It turns out the key reason for daylight savings is having the opposite effect in Alberta, says a University of Calgary PhD candidate.
According to C.D. Howe Institute Fellow in Residence Blake Shaffer, energy use goes up about 1.5 per cent during the time period, whereas it goes down in Ontario, according to his co-researcher.
As Shaffer points out, the original goal of DST when it was first implemented was to reduce energy use, but for multiple factors, that isn’t happening here.
“Albertans are at least anecdotally earlier risers,” he said, noting census data which shows Albertans wake up and leave for work about 20 minutes earlier than those in Ontario.
That coupled with the sun rising later creates the discrepancy.
“Put together that means when we shift forward one hour in the morning, it’s more likely that Albertans are going to be awake and darkened by that transition, whereas our friends back in Toronto are more likely to have that transition when they’re asleep,” he said. “We have a much bigger cost borne on us in the morning.”
There has been political push in the province to look at getting rid of daylight savings, such as NDP MLA Thomas Dang having public consultations and PC MLA Richard Starke presenting a petition.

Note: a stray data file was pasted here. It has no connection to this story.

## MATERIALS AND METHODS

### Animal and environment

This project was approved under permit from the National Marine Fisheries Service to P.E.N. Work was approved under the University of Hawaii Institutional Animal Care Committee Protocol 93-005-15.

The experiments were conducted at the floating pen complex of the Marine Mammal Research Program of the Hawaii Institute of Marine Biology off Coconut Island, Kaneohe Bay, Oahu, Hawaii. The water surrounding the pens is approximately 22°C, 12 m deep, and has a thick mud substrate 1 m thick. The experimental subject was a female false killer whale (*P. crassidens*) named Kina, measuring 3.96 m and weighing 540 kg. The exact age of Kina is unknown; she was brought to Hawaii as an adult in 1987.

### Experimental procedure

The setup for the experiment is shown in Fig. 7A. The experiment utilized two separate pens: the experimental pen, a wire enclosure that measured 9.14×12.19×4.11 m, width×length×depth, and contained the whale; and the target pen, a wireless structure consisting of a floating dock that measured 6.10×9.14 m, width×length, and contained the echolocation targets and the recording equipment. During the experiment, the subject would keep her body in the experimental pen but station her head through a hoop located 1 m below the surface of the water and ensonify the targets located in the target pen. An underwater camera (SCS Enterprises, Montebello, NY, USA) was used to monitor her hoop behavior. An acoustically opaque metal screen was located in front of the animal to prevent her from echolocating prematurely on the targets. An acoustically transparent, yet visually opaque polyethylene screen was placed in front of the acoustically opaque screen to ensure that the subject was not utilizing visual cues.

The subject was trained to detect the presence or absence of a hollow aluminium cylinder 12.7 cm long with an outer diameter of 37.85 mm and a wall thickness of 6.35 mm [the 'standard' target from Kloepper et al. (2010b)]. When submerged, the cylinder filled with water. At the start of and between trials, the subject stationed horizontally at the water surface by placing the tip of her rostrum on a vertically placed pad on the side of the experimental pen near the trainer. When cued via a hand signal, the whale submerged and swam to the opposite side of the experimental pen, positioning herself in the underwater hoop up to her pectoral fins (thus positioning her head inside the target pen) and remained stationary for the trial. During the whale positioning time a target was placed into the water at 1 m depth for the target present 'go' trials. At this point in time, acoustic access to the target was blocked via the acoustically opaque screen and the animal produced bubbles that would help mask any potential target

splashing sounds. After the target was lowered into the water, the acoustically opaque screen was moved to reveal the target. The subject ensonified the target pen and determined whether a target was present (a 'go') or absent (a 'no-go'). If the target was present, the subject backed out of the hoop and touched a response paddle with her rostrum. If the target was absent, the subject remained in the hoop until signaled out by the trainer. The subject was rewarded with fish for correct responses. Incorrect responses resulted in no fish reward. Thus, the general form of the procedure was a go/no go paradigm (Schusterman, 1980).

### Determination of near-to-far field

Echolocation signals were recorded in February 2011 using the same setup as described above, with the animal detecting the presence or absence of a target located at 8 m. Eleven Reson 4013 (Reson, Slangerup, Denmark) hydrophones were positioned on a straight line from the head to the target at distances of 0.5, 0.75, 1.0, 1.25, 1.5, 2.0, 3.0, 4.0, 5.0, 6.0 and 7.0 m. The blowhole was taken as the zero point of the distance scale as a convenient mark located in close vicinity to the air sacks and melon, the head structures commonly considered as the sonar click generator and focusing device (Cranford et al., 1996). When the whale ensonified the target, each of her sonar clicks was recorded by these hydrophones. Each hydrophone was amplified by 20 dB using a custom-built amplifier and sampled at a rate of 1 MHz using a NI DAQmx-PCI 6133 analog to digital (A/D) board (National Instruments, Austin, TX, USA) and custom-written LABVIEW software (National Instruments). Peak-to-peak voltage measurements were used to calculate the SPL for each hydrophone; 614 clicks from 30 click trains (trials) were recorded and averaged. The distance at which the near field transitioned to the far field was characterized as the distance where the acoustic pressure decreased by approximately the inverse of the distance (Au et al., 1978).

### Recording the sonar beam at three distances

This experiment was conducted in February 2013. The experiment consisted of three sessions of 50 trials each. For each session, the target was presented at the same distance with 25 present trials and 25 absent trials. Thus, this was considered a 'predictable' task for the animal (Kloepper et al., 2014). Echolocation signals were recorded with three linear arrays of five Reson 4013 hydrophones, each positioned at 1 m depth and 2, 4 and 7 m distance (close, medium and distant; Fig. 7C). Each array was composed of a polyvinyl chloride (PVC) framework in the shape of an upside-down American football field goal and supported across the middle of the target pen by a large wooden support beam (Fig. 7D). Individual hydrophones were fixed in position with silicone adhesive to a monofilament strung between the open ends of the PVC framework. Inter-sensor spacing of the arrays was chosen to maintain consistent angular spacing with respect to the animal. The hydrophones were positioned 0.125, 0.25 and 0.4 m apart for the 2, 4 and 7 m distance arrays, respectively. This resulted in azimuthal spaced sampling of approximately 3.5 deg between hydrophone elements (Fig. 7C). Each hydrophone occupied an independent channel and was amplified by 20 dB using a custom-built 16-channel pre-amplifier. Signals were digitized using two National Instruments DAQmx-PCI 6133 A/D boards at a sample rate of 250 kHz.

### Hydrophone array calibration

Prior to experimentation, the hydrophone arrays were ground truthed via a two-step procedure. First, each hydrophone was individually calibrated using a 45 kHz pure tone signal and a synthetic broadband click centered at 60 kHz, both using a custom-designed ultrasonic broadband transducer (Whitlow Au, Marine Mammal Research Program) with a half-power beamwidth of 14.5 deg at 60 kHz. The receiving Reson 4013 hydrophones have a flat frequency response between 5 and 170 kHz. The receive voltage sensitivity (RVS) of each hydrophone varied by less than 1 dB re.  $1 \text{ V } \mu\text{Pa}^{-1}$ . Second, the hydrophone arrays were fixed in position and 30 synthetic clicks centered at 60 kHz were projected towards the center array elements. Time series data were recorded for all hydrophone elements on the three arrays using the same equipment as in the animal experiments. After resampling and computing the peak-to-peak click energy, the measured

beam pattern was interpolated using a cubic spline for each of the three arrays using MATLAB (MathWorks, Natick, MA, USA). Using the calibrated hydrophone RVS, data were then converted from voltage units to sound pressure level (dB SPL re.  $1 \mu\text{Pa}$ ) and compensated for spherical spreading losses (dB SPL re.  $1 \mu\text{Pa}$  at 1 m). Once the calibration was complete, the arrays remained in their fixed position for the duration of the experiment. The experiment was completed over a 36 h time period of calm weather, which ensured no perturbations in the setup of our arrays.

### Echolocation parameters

Shaffer said if the debate was completely about energy, it would make sense.
But he points out there are other benefits.
“Is that benefit of saving energy worth giving up the benefit of more light in the evening that provides retail benefits, with more people out doing retail activity, more recreation activity and the health benefits associated with that,” he said. “We really need to be thinking about that tradeoff between energy at health.”
Shaffer admits he’s been a little surprised by the amount of attention his findings have garnered in Alberta.
“Perhaps (because of) a more agrarian lifestyle here in the prairies then some of the other provinces,” he said.
To see Shaffer’s findings, click here